Stan Kahn (1915-1996) was born in Oklahoma City, Oklahoma on February 2, 1915. The eldest of three children, Stan was introduced early to both dance training and vaudeville performance by his mother who had been interested in a performing career herself. Stan trained in ballet and tap dance with such teachers as Grover Abel, Katherine Duffy, and Louis Dapron. He eventually traveled to New York where he auditioned for the Metropolitan Opera Ballet company, failing to achieve a position due to being underage. During some of the Depression years, Stan remained in New York City with relatives and received influential training under the mentorship of vaudevillians Joe Laurie, Jr. and Sammy Burns. Stan's first paying job with Joe Laurie Jr. included a vaudeville tour to New Orleans and New Jersey.
Eventually returning to Oklahoma City after the untimely death of his father in 1928, Stan began teaching tap dance, combining his knowledge of ballet and vaudeville based acrobatics. Traveling to Houston, Texas, Stan continued to teach, choreograph and perform. With the promise of Los Angeles and Hollywood, Stan traveled to California to audition for the Fanchon and Marco dance producing team. The producers immediately hired Stan to run a failing franchise studio in Oakland, California. Stan turned the studio around by teaching many of the classes himself, and eventually met his wife-to-be, Pat Mason, a performer and captain of one of the Helene Hughes line dance teams.
Marrying Pat on New Year's Eve, 1938 during the increased build-up of Hitler's armies in Europe, Stan worked for Kaiser Shipyard #1 in Oakland as an electrician's assistant in the production of warships for the upcoming World War. Though older than most recruits, Stan eventually joined the U.S. Navy and saw action on warships in the Pacific Theater. While Stan was away on various tours of duty in the Navy, Pat continued to teach dance and purchased a studio in San Francisco. During this period, Pat and Stan became parents to both David and Larry Kahn.
After the war, Stan and Pat eventually acquired the Market Street studio in San Francisco which became their influential school of dance for several generations of Bay Area dancers. Stan also became involved with Shipstad and Johnson's Ice Follies as a dance director, increasing quality in choreography and musicality for Ice Follies tours for the next fifteen years. The studio also became a training ground for a series of precision dance teams for both children, mixed gender teens and adult women. Stan also became involved with a new group called Youth of America which toured nationally under his direction. Several other studios in the Bay Area were added to the franchise during this time.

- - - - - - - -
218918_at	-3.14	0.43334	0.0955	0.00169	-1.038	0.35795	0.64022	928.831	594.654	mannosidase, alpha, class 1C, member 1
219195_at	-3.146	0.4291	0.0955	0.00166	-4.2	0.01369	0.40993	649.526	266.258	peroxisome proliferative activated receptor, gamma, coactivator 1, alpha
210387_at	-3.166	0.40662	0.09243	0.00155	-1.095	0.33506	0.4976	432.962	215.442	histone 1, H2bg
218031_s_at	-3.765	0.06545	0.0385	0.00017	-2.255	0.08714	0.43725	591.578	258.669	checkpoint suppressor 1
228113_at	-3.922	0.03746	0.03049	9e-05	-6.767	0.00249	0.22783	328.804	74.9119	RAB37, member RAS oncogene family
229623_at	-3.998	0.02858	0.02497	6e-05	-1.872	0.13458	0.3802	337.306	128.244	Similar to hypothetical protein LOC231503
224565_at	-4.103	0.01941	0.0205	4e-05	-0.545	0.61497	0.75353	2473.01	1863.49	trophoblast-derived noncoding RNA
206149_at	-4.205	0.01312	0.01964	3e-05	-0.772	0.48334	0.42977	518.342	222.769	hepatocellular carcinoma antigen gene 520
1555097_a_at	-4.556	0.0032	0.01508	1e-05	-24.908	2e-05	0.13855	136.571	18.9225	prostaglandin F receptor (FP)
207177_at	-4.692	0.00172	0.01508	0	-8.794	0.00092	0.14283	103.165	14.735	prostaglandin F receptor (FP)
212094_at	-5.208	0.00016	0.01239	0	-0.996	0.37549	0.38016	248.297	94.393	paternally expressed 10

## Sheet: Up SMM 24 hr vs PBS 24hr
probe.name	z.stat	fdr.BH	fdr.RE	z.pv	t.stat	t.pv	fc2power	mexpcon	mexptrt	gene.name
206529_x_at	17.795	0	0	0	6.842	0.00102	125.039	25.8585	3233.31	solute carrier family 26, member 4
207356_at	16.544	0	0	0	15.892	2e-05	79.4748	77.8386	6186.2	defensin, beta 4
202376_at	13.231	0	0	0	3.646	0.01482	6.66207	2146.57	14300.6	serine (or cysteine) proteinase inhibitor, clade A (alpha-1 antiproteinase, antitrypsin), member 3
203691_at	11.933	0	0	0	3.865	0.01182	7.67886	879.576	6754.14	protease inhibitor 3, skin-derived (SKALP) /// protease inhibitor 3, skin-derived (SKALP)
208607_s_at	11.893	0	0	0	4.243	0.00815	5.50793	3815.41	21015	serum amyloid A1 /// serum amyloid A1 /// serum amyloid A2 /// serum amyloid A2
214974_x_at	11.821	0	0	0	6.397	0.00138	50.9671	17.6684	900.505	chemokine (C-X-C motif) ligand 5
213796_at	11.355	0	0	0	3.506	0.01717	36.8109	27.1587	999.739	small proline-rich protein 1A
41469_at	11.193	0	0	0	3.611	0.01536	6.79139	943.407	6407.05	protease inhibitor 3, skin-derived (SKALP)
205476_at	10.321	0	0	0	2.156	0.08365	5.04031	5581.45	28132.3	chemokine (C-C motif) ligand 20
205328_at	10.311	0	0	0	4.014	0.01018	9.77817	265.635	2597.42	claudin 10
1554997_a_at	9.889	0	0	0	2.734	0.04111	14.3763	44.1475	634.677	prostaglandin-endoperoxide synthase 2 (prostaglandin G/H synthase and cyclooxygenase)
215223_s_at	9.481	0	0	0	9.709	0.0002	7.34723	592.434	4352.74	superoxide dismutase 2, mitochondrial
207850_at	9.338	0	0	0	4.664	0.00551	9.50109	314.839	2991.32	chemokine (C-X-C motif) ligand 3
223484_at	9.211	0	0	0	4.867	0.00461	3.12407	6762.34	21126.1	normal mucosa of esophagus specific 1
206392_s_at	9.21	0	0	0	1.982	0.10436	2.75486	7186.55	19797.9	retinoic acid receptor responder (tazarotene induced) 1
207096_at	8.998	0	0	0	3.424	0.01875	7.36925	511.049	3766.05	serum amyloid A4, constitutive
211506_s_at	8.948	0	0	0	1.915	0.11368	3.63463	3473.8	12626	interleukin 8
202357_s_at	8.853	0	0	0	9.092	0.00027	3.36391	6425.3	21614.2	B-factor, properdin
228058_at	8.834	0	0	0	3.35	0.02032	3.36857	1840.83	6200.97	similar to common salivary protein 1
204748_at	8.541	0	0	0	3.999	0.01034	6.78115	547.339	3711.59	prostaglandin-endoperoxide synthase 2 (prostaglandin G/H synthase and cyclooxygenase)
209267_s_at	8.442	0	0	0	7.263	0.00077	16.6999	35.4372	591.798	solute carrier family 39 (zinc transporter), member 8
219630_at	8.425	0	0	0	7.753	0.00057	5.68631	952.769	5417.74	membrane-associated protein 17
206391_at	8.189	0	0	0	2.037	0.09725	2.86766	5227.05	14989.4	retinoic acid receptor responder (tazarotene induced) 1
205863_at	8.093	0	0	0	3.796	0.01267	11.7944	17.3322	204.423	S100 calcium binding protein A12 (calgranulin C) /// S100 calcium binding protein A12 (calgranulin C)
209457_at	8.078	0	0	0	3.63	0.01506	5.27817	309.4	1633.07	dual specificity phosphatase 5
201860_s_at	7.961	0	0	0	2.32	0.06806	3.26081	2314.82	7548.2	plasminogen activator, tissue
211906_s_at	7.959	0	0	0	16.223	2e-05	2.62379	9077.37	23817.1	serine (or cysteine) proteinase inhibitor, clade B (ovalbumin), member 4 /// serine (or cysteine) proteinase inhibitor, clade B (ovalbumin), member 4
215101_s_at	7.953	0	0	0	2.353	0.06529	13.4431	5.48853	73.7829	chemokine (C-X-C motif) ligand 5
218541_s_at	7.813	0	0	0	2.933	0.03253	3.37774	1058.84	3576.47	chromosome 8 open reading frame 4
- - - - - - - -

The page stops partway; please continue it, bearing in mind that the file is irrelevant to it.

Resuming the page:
Eventually, Stan and Pat's Market Street studio became a nexus of training for the local and national theater community, including touring artists to the Bay Area such as Broadway's Tommy Tune and local artists such as the San Francisco Ballet's Artistic Director Michael Smuin. Stan participated in the creation of dance routines for the musical film The Cotton Club and the stage musical Anything Goes, choreographed by Michael Smuin. As Pat's health declined in the 1970s and 80s due to several bouts of cancer, Stan continued to teach, direct and perform, including a short featured role in Tales of the City, a television program produced in San Francisco.
After Pat's death, Stan began teaching internationally in Brazil under the sponsorship of Kika Sampaio, who had brought Stan and Pat's dance teaching system to Sao Paulo. Part of Stan's contribution both locally and internationally was his innovative documentation system titled Kahnotation, which he began creating in the 1930s and eventually copyrighted in 1951. This notation system developed specifically for tap dancing has become standard usage in many contemporary studios. Several of Stan's protege's, such as Berle Davis, Pamela Sousa and Sam Weber among others, have gone on to dance careers regionally, nationally, on Broadway, and with internationally touring tap ensembles. Several generations of Stan's students have also created a broad local and regional network of dance performers and teachers.
In 1996, Stan was honored for his contributions to dance by LEGACY Oral History Project's Jeff Friedman and Steve Zee in a performance tribute at the Cowell Theater in San Francisco. Stan died not long after at the age of eighty.
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